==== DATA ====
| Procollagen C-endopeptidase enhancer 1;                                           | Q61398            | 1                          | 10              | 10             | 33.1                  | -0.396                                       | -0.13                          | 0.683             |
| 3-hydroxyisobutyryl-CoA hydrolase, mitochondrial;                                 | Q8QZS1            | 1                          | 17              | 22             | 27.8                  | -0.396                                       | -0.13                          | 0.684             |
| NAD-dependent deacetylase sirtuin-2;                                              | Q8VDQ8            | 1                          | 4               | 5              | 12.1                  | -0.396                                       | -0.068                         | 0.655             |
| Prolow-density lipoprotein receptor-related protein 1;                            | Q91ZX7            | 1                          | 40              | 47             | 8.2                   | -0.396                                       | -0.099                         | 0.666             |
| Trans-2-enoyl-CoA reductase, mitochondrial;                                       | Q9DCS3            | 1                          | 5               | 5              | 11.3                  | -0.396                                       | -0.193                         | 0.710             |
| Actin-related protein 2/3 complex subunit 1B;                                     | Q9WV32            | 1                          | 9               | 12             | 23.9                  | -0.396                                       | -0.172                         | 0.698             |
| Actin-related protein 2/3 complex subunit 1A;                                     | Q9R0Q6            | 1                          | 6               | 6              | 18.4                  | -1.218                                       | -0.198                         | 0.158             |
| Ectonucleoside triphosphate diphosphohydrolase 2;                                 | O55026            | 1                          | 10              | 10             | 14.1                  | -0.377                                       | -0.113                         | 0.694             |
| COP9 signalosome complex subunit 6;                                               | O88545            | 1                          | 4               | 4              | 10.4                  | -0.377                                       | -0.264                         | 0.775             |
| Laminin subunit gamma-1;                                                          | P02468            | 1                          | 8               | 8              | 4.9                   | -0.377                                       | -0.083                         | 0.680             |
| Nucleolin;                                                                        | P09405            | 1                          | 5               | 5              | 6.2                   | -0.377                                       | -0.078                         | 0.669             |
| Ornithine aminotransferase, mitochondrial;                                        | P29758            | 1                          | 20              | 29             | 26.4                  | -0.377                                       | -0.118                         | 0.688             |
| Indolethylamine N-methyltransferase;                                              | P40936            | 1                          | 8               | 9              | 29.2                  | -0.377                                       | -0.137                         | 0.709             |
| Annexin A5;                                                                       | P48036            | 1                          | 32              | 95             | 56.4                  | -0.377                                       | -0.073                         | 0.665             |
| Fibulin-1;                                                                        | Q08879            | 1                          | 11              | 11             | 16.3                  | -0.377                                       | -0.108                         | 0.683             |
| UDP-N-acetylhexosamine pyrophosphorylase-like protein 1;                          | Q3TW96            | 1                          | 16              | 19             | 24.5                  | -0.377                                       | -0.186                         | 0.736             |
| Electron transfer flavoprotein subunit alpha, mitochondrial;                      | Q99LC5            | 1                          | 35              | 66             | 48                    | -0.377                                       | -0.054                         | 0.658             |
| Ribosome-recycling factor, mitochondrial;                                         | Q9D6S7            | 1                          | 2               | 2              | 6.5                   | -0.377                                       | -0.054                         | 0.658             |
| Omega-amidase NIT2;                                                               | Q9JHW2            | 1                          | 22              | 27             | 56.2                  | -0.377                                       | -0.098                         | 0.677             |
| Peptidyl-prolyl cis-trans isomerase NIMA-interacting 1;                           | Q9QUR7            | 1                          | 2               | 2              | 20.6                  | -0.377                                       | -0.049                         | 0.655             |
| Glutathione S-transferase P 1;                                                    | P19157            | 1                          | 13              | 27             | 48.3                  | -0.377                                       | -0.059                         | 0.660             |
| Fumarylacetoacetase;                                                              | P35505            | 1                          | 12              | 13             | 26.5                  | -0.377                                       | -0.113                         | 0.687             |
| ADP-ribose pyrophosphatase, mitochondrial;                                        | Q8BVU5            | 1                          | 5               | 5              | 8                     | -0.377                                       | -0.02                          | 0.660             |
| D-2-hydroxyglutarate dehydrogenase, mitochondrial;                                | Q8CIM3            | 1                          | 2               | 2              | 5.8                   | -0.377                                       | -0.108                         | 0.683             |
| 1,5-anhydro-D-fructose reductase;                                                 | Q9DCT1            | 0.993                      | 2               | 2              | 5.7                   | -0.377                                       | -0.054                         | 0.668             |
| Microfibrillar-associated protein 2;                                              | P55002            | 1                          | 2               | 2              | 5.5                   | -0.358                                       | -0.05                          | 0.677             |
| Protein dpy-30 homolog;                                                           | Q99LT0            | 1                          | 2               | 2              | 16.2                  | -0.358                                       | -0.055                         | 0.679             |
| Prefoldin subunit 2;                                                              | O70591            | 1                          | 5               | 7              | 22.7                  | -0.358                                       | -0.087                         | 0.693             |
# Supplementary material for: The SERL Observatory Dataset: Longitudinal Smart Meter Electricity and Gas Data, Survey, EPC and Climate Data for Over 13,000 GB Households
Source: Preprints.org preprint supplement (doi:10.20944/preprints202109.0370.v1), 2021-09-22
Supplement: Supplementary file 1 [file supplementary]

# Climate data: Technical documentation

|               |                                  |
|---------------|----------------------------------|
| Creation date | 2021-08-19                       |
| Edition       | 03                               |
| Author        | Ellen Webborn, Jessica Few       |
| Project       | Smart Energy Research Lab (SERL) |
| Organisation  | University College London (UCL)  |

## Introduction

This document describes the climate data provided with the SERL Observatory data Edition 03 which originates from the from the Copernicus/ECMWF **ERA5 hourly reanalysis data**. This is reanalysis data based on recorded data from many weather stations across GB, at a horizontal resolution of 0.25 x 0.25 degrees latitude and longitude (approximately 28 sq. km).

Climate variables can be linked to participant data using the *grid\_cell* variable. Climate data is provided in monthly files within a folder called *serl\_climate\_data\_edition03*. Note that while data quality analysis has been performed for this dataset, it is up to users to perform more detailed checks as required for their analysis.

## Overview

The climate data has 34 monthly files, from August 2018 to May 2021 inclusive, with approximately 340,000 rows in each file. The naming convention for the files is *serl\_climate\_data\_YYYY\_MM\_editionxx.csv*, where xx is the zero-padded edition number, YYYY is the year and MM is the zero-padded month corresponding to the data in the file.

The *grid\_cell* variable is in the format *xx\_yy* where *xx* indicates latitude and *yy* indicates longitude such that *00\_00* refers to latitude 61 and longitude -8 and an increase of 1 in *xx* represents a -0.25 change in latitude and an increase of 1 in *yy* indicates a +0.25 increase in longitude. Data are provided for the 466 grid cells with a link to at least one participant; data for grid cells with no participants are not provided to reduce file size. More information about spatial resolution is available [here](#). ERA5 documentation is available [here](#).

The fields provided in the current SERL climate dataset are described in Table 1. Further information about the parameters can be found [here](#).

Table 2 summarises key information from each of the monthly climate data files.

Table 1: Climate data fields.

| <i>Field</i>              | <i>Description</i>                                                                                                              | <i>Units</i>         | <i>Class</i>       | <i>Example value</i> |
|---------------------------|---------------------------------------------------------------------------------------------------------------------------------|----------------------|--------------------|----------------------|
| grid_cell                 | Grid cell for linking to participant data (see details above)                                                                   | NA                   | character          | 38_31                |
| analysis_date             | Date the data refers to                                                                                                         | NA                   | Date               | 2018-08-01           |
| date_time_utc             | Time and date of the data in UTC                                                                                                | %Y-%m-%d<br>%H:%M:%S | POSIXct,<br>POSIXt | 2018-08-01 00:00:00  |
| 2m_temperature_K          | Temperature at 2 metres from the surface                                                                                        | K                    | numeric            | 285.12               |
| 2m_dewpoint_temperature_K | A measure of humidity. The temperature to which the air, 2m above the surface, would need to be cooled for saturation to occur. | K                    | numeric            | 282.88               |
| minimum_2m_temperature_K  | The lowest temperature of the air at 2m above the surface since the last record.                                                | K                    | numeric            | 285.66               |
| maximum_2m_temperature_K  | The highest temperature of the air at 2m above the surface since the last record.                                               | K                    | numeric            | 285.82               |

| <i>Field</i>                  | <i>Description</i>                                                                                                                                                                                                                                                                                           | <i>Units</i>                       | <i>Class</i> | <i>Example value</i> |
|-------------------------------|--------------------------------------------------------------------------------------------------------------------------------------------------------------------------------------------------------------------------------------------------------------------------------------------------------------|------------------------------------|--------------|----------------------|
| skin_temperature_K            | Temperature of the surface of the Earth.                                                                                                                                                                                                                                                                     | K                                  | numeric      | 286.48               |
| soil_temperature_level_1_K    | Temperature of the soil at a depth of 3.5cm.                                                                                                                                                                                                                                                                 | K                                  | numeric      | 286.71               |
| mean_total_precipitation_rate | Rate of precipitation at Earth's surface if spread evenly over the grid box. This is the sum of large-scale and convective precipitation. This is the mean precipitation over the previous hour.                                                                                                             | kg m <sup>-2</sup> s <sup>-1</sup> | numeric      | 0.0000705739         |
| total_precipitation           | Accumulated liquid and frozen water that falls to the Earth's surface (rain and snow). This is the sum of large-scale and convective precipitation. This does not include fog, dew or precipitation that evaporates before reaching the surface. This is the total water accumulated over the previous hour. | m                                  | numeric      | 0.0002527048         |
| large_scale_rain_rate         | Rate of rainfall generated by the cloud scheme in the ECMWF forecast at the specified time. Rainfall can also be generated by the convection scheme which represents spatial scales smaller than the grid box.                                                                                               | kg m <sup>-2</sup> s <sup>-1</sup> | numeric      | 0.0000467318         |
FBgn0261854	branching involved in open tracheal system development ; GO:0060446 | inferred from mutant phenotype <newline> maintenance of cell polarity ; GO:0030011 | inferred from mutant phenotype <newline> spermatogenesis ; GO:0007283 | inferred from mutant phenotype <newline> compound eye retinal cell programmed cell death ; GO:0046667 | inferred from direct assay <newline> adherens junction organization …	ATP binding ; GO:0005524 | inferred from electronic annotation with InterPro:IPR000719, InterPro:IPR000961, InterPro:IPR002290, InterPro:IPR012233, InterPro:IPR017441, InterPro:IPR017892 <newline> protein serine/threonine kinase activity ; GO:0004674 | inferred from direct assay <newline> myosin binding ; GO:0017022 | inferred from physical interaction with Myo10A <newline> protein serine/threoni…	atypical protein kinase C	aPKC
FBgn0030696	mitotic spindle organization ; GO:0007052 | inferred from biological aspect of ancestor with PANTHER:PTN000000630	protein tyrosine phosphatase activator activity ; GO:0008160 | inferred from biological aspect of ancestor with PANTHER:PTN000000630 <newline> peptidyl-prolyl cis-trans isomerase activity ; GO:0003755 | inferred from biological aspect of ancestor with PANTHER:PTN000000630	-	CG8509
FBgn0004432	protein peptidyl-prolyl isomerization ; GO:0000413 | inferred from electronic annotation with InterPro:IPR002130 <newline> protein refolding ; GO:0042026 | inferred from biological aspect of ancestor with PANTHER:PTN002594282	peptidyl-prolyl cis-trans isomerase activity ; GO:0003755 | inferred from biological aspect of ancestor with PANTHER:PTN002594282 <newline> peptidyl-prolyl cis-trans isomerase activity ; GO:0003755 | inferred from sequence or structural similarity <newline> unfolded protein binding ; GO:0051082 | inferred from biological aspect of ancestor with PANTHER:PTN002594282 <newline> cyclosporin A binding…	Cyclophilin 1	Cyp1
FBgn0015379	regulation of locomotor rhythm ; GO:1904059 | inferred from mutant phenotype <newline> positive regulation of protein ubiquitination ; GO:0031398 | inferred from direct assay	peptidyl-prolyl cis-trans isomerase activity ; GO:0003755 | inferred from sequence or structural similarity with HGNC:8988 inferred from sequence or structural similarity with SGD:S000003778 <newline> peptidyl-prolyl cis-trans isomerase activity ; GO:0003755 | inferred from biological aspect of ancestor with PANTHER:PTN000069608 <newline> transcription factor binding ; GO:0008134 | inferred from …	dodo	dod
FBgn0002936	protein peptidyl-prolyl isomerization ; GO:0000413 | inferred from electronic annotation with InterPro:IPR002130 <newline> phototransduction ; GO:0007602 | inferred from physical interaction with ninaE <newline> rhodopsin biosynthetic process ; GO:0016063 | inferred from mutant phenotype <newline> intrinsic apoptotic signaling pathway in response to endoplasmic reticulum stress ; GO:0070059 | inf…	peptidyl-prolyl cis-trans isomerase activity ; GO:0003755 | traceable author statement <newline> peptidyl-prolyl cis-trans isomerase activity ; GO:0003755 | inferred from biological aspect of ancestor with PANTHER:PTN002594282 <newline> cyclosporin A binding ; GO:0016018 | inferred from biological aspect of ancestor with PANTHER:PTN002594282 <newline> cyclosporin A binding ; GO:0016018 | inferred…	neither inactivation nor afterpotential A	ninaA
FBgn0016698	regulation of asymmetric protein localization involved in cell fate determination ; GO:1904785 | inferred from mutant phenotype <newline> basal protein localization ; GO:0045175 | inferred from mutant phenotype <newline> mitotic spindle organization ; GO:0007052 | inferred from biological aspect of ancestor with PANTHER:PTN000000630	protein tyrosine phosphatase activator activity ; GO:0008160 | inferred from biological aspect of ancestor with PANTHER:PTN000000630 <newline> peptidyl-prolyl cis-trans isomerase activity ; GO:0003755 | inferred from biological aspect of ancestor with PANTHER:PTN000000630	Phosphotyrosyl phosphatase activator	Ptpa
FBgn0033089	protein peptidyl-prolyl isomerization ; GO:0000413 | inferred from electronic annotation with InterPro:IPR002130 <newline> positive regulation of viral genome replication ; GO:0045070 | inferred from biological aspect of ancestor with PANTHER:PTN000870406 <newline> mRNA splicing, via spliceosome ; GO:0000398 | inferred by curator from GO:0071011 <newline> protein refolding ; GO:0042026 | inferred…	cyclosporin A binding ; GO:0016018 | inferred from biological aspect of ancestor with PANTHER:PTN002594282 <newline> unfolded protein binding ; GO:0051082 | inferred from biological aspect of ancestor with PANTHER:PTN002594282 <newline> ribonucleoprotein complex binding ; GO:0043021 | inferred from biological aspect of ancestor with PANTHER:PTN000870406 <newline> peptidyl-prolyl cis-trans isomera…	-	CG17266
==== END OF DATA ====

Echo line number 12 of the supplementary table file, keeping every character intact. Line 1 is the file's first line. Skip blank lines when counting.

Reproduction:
| Ornithine aminotransferase, mitochondrial;                                        | P29758            | 1                          | 20              | 29             | 26.4                  | -0.377                                       | -0.118                         | 0.688             |